In lieu of an abstract, here is a brief excerpt of the content:

  • Modeling Bodies in Romantic Texts and Scientific Culture
  • Marisa Plumb (bio)

Historians of science and medicine recognize the British Romantic era—during which anatomical study flourished and physiology developed—as the dawn of professionalized medical science.1 Language about bodies, from newspapers to fiction and poetry, contains data that can be studied and modeled to help map the history of our bodies as objects of medical science. If, as William Abberley writes, a primary function of Romantic-era replicas of bodies was to order and make sense of them, to turn them into ideal types, we might argue that such a trend continues today; we structure and generalize data collected about diverse bodies to treat them prescriptively.2 How can we look to nineteenth-century texts to better understand the origins of this trend?

Building on histories of gendered bodies by Deborah Lupton and Richard C. Sha, future Romantic literary scholarship could look more closely at how women and writers of color represented bodies in their poetry and prose—close studies of their semantic, syntactic, and narrative choices could produce models for understanding the intersection of scientific medical science and subjective experiences of bodies.3 Algorithms that explore semantic similarities could be used as points [End Page 162] of departure to understand how literary descriptions of bodies reflect social dynamics, aesthetic values, and factual knowledge.4 Approaching this problem with computational and analytical tools could help answer questions such as: How did male and female Romantic authors describe and produce their own images of bodies? Did marginalized authors produce alternate representations of bodies? For instance, how are bodies integral to the narrative in The History of Mary Prince? How does Charlotte Smith refer to her body in Elegiac Sonnets? How are bodily rituals depicted in Emma Roberts's Oriental Scenes, Sketches, and Tales? Which other texts can we discover by looking for patterns of meaning that we identify in these works?5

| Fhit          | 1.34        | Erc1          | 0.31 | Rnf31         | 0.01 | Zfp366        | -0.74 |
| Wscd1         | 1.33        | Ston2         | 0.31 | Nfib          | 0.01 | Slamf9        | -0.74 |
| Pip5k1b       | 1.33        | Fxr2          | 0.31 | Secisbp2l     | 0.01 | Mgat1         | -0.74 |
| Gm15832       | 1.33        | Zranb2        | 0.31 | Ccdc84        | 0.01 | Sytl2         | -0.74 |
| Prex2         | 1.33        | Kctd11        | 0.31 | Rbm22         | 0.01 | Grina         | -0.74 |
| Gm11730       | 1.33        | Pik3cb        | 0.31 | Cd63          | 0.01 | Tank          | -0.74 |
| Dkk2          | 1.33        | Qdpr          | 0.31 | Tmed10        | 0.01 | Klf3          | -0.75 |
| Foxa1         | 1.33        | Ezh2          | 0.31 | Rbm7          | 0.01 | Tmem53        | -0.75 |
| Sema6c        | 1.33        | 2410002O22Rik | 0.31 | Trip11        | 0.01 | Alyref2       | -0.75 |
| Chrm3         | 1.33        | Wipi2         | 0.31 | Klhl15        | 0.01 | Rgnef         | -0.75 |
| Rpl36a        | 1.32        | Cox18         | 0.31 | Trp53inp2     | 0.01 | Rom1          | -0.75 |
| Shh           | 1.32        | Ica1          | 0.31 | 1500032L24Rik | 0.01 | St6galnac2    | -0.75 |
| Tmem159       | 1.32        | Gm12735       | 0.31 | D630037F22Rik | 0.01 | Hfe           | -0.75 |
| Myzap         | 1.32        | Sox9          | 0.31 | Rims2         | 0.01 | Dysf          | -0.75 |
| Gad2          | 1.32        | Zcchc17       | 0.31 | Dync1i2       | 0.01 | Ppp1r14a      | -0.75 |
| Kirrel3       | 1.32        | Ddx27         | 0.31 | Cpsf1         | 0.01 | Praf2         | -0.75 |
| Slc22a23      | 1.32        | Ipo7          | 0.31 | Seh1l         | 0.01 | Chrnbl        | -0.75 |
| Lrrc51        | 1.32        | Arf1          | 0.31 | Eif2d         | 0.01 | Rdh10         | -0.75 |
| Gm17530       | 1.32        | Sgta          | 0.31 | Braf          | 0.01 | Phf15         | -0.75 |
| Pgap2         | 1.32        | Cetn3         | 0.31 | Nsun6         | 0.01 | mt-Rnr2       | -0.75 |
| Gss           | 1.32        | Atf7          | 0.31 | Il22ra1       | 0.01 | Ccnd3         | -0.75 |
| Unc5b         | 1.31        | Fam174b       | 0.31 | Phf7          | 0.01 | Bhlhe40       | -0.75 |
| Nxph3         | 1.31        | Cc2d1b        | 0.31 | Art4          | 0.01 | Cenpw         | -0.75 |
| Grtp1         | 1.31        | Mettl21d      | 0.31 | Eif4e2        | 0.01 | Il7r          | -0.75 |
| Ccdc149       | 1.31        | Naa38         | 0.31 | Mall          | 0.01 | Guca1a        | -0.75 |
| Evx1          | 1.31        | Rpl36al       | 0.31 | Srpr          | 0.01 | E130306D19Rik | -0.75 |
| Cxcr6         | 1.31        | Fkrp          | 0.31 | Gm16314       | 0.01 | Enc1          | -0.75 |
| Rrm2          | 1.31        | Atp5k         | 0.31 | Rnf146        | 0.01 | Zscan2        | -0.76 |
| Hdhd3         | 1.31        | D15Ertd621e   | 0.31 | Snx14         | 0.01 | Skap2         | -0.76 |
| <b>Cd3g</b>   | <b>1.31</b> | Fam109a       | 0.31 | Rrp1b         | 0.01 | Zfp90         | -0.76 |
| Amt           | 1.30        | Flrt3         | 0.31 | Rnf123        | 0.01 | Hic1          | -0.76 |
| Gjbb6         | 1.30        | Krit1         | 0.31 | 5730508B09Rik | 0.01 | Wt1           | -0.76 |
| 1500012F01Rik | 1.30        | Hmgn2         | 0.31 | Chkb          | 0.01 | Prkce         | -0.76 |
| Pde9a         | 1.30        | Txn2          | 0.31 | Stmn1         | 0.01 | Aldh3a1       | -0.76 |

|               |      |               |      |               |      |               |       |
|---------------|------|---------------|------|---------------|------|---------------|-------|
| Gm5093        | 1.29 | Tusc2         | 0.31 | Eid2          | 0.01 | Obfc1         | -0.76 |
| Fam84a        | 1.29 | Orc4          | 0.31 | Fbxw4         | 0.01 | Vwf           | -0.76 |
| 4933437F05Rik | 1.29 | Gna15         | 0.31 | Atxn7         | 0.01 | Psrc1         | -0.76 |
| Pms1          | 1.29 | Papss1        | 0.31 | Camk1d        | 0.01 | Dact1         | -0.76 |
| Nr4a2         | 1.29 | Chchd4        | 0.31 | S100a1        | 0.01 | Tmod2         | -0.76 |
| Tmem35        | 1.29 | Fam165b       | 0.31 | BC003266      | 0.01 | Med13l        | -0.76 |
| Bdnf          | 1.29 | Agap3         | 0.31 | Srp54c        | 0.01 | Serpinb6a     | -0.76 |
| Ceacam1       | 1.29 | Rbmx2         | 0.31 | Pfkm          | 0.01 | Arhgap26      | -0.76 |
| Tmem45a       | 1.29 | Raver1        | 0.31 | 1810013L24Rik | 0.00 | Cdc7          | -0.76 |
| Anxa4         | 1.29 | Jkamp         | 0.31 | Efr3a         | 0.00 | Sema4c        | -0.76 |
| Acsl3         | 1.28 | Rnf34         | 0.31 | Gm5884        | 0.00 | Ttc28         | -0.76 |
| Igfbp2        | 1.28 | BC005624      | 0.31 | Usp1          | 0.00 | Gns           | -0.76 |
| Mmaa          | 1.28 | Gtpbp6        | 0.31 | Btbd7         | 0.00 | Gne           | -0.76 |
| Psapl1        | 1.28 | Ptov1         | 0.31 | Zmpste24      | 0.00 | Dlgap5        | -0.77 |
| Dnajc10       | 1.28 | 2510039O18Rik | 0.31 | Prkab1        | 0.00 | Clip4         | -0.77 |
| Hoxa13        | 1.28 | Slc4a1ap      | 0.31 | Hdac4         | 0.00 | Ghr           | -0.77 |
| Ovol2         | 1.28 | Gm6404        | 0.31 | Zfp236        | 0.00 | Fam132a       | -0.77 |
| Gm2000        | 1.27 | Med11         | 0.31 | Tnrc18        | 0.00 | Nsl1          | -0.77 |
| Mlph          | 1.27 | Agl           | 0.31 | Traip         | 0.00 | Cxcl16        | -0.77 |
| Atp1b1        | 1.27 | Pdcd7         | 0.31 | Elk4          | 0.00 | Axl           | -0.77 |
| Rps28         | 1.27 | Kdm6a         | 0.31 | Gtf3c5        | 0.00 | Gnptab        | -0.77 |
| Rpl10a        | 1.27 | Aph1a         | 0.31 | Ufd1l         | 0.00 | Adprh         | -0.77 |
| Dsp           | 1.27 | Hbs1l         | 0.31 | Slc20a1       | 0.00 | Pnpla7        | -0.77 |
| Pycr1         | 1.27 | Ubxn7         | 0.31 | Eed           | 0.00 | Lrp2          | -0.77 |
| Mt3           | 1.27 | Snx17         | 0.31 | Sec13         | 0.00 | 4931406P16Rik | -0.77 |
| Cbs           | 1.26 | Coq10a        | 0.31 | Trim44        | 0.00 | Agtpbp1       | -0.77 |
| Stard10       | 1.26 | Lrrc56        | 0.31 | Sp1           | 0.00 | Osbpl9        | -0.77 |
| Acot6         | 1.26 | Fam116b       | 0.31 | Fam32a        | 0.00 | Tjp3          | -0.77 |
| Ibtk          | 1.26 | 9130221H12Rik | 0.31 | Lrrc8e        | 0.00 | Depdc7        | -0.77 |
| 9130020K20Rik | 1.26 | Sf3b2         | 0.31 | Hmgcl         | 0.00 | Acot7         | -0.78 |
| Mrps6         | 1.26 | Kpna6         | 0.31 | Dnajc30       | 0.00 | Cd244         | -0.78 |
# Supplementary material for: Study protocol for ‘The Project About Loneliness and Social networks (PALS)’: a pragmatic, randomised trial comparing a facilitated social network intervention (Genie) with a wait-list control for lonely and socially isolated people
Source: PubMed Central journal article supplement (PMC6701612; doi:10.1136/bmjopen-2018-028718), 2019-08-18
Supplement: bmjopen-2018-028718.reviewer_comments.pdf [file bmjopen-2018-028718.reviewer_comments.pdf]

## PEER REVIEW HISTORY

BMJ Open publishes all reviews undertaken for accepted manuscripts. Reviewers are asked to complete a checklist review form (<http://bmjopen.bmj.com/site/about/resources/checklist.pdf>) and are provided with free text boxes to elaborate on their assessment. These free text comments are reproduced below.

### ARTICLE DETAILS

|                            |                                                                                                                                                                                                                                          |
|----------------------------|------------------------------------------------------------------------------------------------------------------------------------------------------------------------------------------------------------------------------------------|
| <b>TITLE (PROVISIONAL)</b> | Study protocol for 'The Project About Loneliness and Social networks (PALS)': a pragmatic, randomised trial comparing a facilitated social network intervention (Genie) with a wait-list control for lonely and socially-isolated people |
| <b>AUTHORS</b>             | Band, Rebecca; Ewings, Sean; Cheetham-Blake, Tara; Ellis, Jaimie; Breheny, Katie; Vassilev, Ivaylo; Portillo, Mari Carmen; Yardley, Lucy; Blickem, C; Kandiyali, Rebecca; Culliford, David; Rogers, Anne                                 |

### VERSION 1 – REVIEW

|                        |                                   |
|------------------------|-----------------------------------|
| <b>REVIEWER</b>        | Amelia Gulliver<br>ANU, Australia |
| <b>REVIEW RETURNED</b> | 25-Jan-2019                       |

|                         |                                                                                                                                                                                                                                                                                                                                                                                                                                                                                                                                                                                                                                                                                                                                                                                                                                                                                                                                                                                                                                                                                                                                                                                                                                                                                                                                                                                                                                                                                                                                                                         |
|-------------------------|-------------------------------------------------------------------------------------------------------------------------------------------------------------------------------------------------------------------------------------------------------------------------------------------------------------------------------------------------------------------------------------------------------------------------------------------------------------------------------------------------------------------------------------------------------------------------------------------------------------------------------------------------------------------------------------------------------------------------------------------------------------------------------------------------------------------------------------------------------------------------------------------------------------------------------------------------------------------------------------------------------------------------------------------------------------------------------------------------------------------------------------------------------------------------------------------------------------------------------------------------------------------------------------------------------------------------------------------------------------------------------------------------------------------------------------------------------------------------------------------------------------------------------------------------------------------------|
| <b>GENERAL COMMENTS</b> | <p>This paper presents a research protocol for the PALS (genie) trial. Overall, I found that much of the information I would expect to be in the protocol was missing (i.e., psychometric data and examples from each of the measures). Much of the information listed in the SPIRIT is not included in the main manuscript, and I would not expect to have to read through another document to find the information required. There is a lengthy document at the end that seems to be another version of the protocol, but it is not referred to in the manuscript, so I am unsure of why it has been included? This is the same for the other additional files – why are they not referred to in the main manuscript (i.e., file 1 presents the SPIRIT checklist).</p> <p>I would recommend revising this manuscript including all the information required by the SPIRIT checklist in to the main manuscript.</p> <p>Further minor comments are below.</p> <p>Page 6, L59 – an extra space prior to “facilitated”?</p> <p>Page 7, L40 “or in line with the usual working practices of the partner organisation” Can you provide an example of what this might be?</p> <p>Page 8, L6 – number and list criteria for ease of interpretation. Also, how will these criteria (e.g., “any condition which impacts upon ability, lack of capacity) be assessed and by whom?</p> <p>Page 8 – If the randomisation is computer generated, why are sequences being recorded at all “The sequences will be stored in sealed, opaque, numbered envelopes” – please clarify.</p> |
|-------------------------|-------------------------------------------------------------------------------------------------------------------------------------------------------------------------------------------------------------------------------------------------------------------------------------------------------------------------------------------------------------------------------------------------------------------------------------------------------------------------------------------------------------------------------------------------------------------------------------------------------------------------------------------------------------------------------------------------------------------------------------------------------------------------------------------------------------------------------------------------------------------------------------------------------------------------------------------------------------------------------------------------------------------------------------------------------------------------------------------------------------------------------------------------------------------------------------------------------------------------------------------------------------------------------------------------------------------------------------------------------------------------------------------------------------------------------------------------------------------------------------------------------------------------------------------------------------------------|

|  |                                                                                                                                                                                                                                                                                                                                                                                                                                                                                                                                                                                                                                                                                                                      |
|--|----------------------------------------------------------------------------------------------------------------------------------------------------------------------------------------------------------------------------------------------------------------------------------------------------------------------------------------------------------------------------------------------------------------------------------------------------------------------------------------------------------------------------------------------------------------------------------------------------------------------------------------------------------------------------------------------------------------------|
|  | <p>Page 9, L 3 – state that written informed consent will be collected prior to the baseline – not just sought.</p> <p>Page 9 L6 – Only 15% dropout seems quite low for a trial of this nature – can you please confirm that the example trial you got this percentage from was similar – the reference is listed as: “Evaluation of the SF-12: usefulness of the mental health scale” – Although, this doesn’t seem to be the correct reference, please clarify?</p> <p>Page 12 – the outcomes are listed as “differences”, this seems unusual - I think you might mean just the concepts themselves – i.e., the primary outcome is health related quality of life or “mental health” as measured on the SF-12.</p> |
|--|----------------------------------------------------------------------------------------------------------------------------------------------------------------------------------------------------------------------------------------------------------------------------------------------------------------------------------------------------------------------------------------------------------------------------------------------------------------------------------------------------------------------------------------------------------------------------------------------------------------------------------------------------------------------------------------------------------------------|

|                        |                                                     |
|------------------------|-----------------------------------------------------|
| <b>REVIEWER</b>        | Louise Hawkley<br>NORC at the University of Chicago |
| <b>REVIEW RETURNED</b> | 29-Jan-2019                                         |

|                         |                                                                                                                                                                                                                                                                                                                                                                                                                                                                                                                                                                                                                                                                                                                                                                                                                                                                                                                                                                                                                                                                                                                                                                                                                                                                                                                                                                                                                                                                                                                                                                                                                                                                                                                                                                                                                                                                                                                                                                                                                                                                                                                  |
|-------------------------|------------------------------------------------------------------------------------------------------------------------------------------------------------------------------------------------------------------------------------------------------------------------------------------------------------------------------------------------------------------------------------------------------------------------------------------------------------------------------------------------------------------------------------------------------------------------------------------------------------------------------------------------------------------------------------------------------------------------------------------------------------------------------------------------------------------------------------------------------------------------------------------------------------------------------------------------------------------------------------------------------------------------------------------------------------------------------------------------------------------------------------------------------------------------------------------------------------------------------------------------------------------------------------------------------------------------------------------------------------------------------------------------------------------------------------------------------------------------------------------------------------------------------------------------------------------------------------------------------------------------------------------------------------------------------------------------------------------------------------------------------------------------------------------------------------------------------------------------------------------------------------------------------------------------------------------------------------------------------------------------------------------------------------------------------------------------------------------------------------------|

I'm excited by the prospect of scholarship that takes advantage of newly available digital texts by under-represented Romantic-era authors and open-source machine learning tools to model semantic relationships within them.6 These models might reflect a broader experience of Romantic culture and, in turn, alter how we understand the evaluation and treatment of bodies, diversely construed, in today's scientific climate. As Foucault argues, power becomes disciplinary when it regulates biological practices such as reproduction and death.7 With Foucault's ideas in mind, computationally driven Romantic literary scholars can use learning representation techniques8 to generate language models that capture non-normative somatic experiences. These models can be used to augment feminist and postcolonial epistemologies of medical science and emphasize the political dimensions of early scientific agendas.

Canon expansion, for this type of project, is an act of data democratization, which, as a broader trend, has the potential to impact evolving medical practices that increasingly blend decision-making, technology, and data-driven diagnostics. When humanities scholars create new methods to represent information diachronically, they are creating tools to revise canonicity and narratives of history to be more global and inclusive. Those revisions can and should be applied in other domains. [End Page 163]

Marisa Plumb

Marisa Plumb studied Romantic Literature and Computational Humanities as a graduate student at San Jose State University and is currently starting a PhD program in the History of Ideas at the University of Texas-Dallas.

Footnotes

1. See L.G. Stevenson, "Anatomical Reasoning in Physiological Thought," in The Historical Development of Physiological Thought, ed. Chandler McC., Brooks, and P.F. Cranefield (New York: Hafner, 1959), 27–38; Noah Heringman, Romantic Science: The Literary Forms of Natural History (Albany: State University of New York Press, 2003), 1–11.

2. Will Abberley, "Introduction: Replicating Bodies in Nineteenth-Century Science and Culture," 19: Interdisciplinary Studies in the Long Nineteenth Century 24 (2017), DOI: http://doi.org/10.16995/ntn.789.

3. Deborah Lupton, Medicine as Culture: Illness, Disease and the Body (Los Angeles: SAGE, 2012), 52–53; Richard C. Sha, Imagination and Science in Romanticism (Johns Hopkins University Press, 2018).

4. Ted Underwood, "A Genealogy of Distant Reading," Digital Humanities Quarterly 11.2 (2017).

5. Anna Huang, "Similarity Measures for...

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Additional Information

ISSN
2328-112X
Print ISSN
0453-4387
Pages
pp. 162-164
Launched on MUSE
2020-10-30
Open Access
No
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